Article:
Given the stakes, I would like to hear more from both candidates about the long-term entitlement challenges facing the country. This is because our adaptation to these challenges will impact significantly our economic flexibility and economic growth. Success in reforming our entitlement programs toward empowering individuals will be consistent with lower future tax burdens and a larger economy. Choosing the alternative of a larger government share in our economy risks both our living standards and the viability of the very programs championed by the President and his opponents.

RELATED ARTICLE: How to handle the budget gap.

As of this writing, the President's challenger has racked up an additional budget gap of at least $1 trillion--the excess of spending proposals over promised tax increases--over ten years, and he has offered no clues as to his thinking on the outlook for Social Security and Medicare. That gap implies higher deficits, another tax increase, or both.

When discussing the fiscal imbalances of the United States, it is important to remember which conversation we are having. According to the 2004 Social Security and Medicare Trustees Reports, unfunded liabilities of entitlement programs are $10.4 trillion for Social Security, $21.8 trillion for Medicare Part A, $23.2 trillion from Medicare Part B, and $16.6 trillion for Medicare Part D (prescription drugs). In contrast to the large unfunded liabilities of Social Security and Medicare, Jagadeesh Gokhale and Kent Smetters have estimated that the forward-looking fiscal imbalance of the rest of the federal budget (in present value) is only $0.5 trillion in 2004, assuming that the Bush tax cuts are made permanent. That is, general revenues were calculated to be approximately equal to non-Social Security and Medicare spending plus obligations to Social Security and Medicare (via the trust funds) plus debt held by the public. Let us be clear--the discussion of the long-term fiscal outlook requires a conversation centered on Social Security and Medicare.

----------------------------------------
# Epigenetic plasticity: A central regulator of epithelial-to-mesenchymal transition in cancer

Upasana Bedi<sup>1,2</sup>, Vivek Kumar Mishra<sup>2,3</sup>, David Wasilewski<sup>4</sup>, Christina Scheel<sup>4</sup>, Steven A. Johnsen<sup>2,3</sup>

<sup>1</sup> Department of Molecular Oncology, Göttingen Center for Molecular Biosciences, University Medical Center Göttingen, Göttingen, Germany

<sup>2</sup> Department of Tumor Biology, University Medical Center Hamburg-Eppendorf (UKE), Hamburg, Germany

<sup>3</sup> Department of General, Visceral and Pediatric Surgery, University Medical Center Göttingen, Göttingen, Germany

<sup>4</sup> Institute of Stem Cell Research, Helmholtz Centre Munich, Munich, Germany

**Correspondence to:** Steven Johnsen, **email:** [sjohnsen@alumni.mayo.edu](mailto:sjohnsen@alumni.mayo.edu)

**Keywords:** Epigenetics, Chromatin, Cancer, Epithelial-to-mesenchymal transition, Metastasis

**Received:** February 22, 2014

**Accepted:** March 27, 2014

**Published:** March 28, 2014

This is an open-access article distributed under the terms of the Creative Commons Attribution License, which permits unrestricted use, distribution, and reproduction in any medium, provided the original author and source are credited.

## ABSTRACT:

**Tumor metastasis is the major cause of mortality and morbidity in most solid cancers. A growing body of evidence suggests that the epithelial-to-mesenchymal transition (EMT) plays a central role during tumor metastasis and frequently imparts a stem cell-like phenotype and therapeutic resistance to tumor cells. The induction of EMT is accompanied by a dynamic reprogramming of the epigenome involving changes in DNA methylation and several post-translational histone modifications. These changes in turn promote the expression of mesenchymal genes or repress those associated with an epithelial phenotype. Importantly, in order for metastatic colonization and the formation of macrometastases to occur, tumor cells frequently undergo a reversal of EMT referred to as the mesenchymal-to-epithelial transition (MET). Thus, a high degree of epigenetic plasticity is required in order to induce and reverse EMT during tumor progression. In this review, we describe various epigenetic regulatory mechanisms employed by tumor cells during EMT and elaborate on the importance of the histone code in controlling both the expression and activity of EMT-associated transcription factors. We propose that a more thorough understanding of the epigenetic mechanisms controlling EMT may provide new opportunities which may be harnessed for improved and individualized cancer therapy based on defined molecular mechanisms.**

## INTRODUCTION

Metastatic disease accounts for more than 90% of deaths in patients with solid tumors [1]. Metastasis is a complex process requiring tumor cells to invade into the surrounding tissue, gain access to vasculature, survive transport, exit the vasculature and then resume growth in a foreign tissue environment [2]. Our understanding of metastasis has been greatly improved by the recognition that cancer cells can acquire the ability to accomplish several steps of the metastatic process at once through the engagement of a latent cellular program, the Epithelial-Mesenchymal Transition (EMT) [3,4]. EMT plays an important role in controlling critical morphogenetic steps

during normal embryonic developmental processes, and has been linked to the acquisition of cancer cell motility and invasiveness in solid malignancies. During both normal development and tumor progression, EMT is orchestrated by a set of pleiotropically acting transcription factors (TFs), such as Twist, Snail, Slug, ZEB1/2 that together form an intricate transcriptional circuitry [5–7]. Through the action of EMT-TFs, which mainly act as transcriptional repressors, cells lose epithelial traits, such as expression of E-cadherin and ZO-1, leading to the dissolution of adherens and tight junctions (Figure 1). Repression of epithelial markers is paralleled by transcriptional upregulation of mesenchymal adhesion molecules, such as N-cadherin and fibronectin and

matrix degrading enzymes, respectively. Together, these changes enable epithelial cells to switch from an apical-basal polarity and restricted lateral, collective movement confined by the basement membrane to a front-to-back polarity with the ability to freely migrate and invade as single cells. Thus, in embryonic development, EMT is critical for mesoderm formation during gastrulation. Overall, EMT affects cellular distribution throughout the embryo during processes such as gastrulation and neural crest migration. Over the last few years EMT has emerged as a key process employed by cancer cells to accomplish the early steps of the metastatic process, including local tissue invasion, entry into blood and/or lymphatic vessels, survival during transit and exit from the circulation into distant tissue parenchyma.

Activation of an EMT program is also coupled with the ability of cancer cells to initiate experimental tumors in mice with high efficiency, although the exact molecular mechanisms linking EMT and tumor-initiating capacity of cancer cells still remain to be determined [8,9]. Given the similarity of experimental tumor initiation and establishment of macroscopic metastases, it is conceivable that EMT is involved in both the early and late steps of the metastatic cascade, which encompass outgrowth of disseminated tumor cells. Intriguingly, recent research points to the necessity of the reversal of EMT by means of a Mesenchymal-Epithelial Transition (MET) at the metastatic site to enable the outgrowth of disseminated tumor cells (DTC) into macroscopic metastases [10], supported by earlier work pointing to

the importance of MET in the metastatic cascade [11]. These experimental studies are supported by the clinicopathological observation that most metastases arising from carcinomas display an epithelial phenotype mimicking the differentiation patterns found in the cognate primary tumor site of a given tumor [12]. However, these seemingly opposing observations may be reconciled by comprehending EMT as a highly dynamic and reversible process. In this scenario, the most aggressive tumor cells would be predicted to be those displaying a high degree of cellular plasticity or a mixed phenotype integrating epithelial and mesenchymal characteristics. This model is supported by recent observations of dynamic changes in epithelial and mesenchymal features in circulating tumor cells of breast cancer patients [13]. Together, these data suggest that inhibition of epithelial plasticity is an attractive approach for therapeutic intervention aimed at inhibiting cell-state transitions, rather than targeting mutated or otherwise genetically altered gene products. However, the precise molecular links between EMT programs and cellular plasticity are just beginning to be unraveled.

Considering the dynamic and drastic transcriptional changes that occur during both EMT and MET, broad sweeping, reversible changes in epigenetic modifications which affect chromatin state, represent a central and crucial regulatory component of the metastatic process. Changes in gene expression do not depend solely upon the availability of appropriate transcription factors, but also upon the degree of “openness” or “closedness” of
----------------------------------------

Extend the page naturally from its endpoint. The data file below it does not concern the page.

Given the stakes, I would like to hear more from both candidates about the long-term entitlement challenges facing the country. This is because our adaptation to these challenges will impact significantly our economic flexibility and economic growth.

--G. Hubbard

RELATED ARTICLE: The greenhouse effect.

The ultimate goal of a sound climate change policy is long-term stabilization of atmospheric greenhouse gas concentrations at levels that avoid costly environmental or economic damage. However, this complicated problem re quires a gradualist approach: Emphasize long-term goals, but focus short-term efforts on developing durable domestic and international policy architectures to learn about the benefits and costs of alternative strategies.

--G. Hubbard

Glenn Hubbard, a former Chairman of the Council of Economic Advisers under President George W. Bush, is the Russell L. Carson Professor of Finance and Economics at the Graduate School of Business and Professor of Economics in the Department of Economics at Columbia University in New York.
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Author:Hubbard, R. Glenn
Publication:The International Economy
Geographic Code:1USA
Date:Mar 22, 2004